The Joseph M. Bruccoli Great War Collection at the University of South Carolina was founded in 1997 by Matthew J. and Arlyn Bruccoli and named for Professor Bruccoli's father, who was wounded in France during the conflict. An expansive research archive for the literary, historical, and cultural aspects of World War I from both British and American vantages, the collection is housed in the Thomas Cooper Library at the University of South Carolina campus in Columbia. At present, the Bruccoli Great War Collection contains over four thousand items, including such print materials as military training manuals, illustrated wartime magazines, trench newspapers, British novels and poetry of the war, letters and diaries of participants, scrapbooks and photo albums, posters, slides, and sheet music. Comprehensive in range rather than exhaustive in depth, the collection was expanded in 2002 through the incorporation of some five hundred books and documents formerly part of the Joseph Cohen Collection of World War I Literature, additions that include extremely rare work by Isaac Rosenberg, arguably chief among the Great War poets. Bruccoli Great War Collection at the University of South Carolina: An Illustrated Catalogue documents one of the great watersheds moments of history on both sides of the Atlantic and serves as a reference and resource for historians, researchers, and collectors alike.
THE ALEX BENEDICT COLLECTION brings together sci-fi master Jack McDevitt's stellar first three novels in the award-winning Alex Benedict series. Perfect for fans of Ray Bradbury and Joe Haldeman. In A TALENT FOR WAR, Alex Benedict unearths a piece of information with the power to rewrite history and expose interstellar hero Christopher Sim as a fraud. On his quest for the truth Alex will venture into an unknown alien galaxy and face something stranger than he could ever have imagined. In POLARIS, Alex Benedict is determined to solve the mystery of the luxury space yacht that never returned from its interstellar journey sixty years ago. The search party found Polaris empty and adrift in space and now Alex must travel across the stars in a life-threatening mission to discover the truth. In the Nebula award-winning SEEKER, Alex Benedict is convinced that he has stumbled across an artefact from the infamous transport ship that fled a religious dictatorship in twenty-seventh-century America. Alex and his pilot Chase are taken into the very heart of danger on the deadly trail to Seeker.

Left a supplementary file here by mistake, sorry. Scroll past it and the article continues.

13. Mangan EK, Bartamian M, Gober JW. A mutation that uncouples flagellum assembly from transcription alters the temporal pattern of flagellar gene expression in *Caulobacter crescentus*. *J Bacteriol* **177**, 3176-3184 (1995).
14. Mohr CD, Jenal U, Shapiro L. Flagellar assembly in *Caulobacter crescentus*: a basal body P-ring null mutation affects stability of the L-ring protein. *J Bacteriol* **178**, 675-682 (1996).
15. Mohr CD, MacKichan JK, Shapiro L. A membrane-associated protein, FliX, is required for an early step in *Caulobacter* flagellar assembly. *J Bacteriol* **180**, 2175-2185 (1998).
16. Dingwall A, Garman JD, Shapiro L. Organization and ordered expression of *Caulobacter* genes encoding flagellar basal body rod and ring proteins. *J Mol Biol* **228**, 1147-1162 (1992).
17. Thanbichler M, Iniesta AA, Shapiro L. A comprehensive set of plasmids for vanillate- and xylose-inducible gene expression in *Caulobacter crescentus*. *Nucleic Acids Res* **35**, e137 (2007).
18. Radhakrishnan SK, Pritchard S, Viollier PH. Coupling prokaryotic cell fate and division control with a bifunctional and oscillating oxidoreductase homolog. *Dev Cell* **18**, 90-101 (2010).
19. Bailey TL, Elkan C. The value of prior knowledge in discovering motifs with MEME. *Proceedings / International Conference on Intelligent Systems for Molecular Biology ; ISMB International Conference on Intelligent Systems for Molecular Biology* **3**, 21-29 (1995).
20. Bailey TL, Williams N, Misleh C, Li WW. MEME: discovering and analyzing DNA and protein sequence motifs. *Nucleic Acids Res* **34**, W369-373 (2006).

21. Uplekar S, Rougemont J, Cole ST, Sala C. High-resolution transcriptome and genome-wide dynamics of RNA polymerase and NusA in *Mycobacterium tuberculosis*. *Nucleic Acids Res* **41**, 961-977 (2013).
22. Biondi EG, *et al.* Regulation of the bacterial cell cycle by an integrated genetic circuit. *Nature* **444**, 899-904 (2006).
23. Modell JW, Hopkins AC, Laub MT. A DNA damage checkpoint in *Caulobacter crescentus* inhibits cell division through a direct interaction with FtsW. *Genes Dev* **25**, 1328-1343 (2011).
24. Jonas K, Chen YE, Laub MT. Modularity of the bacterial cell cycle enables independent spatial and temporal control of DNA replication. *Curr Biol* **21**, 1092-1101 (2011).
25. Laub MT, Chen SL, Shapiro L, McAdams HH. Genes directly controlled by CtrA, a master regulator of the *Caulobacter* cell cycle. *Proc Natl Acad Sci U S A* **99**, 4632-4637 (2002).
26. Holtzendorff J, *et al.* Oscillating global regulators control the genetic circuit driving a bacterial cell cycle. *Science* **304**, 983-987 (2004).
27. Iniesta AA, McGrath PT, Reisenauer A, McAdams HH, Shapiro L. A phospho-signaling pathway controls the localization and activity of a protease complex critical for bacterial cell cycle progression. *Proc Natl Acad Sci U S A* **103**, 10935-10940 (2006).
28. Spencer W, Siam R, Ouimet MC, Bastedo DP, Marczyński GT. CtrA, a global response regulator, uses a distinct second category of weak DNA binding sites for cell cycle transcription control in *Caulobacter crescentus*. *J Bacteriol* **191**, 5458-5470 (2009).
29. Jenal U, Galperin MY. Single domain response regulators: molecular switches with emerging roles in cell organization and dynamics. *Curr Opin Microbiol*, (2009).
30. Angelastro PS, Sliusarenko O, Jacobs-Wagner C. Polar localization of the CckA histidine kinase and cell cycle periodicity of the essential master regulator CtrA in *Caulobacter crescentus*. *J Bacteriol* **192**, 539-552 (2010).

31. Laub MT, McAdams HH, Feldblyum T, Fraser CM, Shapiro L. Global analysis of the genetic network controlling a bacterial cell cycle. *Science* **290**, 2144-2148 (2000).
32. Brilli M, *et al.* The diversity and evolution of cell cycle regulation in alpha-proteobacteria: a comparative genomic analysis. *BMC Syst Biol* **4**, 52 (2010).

The Customs and Laws of War with Regards to Combatants and Captives
Author: Alexander Gillespie
Publisher: Bloomsbury Publishing